Nuclear Magnetic Resonance (NMR) Safety Tips
The superconducting magnet of NMR equipment produces strong magnetic and electromagnetic fields that can interfere with the function of cardiac pacemakers. Users of pacemakers and other implanted ferromagnetic medical devices are advised to consult w
The superconducting magnet of NMR equipment produces strong magnetic and electromagnetic fields that can interfere with the function of cardiac pacemakers. Users of pacemakers and other implanted ferromagnetic medical devices are advised to consult with their physician, the pacemaker's manual and pacemaker manufacturer before entering facilities which house NMR equipment.
Precautions for work with NMR include the following:
1. Post clearly visible warning signs in areas with strong magnetic fields.
2. Measure stray fields with a gaussmeter, and restrict public access to areas of 5-gauss or higher.
3. The strong magnetic field can suddenly pull nearby unrestrained magnetic objects into the magnet with considerable force. Keep all tools, equipment and personal items containing ferromagnetic material (e.g., steel, iron) at least 2 metres away from the magnet.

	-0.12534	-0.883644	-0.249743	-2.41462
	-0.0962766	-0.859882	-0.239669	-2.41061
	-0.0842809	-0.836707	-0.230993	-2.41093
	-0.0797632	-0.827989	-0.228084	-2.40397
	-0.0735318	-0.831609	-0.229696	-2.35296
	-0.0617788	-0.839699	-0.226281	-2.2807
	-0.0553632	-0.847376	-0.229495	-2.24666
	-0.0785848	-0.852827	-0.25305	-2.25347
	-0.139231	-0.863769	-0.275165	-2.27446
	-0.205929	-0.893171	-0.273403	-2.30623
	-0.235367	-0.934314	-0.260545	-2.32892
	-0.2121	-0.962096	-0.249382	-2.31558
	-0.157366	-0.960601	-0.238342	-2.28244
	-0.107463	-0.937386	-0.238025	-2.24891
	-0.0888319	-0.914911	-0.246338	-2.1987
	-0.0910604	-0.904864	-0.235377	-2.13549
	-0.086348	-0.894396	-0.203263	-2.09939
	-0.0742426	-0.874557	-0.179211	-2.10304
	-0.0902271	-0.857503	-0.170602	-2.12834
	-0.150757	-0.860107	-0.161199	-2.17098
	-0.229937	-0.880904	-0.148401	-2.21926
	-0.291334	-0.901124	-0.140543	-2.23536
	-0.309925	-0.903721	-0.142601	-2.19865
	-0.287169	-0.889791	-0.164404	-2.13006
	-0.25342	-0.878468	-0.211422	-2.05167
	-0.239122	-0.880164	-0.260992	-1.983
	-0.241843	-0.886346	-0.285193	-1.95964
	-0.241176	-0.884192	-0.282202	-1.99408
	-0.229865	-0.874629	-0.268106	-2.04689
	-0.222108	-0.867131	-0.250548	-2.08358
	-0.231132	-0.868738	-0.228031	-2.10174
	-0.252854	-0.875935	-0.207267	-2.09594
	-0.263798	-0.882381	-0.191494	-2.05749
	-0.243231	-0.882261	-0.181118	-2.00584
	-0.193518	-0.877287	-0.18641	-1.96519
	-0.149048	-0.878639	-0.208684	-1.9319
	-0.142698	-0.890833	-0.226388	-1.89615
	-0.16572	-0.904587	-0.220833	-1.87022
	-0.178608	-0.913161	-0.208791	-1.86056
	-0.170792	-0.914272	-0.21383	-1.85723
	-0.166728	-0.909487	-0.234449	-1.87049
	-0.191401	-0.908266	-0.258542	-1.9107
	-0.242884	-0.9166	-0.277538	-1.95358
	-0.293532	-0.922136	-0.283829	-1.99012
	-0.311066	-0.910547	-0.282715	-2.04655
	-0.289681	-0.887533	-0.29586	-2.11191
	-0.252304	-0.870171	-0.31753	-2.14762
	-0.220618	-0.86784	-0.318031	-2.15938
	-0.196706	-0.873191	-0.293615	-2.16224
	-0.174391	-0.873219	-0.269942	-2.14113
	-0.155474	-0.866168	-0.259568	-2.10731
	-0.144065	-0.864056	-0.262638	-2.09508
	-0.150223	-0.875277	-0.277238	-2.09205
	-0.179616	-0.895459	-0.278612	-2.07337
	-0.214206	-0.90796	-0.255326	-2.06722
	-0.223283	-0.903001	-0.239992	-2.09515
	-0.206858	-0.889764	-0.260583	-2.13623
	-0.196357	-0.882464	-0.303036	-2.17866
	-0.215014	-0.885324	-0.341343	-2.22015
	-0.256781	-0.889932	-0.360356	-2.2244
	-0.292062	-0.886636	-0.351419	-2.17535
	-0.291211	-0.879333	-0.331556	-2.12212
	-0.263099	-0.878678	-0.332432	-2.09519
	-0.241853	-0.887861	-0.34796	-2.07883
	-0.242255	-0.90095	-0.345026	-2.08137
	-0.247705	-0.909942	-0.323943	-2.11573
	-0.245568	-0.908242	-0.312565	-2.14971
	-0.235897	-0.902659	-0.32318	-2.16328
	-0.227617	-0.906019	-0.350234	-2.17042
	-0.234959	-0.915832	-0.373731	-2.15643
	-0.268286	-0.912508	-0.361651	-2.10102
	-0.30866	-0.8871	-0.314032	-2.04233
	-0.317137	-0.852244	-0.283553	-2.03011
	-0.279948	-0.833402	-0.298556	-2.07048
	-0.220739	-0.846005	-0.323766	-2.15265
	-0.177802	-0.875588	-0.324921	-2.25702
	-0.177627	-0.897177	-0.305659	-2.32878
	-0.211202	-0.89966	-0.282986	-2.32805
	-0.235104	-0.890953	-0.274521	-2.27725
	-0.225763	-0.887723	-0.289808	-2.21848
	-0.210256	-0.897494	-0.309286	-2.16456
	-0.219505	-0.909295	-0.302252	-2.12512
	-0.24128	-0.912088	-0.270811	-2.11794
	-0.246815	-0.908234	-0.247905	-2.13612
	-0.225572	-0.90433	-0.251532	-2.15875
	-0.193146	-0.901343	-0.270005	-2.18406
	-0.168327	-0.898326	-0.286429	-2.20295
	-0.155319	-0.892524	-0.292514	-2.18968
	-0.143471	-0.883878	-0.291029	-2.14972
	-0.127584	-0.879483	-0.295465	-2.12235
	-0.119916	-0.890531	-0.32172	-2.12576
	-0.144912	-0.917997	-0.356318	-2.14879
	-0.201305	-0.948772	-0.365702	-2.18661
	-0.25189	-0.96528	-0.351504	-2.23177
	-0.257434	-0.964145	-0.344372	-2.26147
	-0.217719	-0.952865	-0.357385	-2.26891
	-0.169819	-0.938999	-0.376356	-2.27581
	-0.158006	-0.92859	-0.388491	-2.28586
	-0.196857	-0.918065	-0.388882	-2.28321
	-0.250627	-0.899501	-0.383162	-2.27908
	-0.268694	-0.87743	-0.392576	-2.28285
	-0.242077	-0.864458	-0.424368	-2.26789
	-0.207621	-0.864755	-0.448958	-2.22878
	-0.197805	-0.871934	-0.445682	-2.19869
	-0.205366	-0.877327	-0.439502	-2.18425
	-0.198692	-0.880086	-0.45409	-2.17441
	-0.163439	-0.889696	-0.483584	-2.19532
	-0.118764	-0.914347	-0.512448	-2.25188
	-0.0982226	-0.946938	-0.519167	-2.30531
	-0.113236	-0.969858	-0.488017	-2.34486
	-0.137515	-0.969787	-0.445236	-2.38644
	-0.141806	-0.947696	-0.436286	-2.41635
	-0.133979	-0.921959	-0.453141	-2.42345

4. Though not a safety issue, advise users that the magnetic field can erase magnetic media such as tapes and floppy disks, disable credit and automated teller machine (ATM) cards, and damage analog watches.
5. Avoid skin contact with cryogenic (liquid) helium and nitrogen; wear a protective face mask and loose-fitting thermal gloves during dewar servicing and when handling frozen samples.
6. Ensure that ventilation is sufficient to remove the helium or nitrogen gas exhausted by the instrument.
7. Avoid positioning your head over the helium and nitrogen exit tubes.
8. NMR tubes are thin-walled; handle them carefully and reserve them for NMR use only.
In the event of exposure to cryogen liquid or gas, the following first aid procedures are recommended:
- Immediately remove the victim from the cryogen hazard (or vice versa).
- Remove clothing that may interfere with the circulation of blood to the frozen tissues, but do so slowly, to prevent additional damage to skin.
- Do not rub or massage the affected region.
- Immerse the affected area in a warm water bath, < 40°C (< 105 °F) or exposure to warm air of the same temperature range.
- Eyes exposed to cryogen liquids or gases should be flushed them with warm water, < 40°C, for at least 15 minutes.
- The victim should seek immediate medical attention.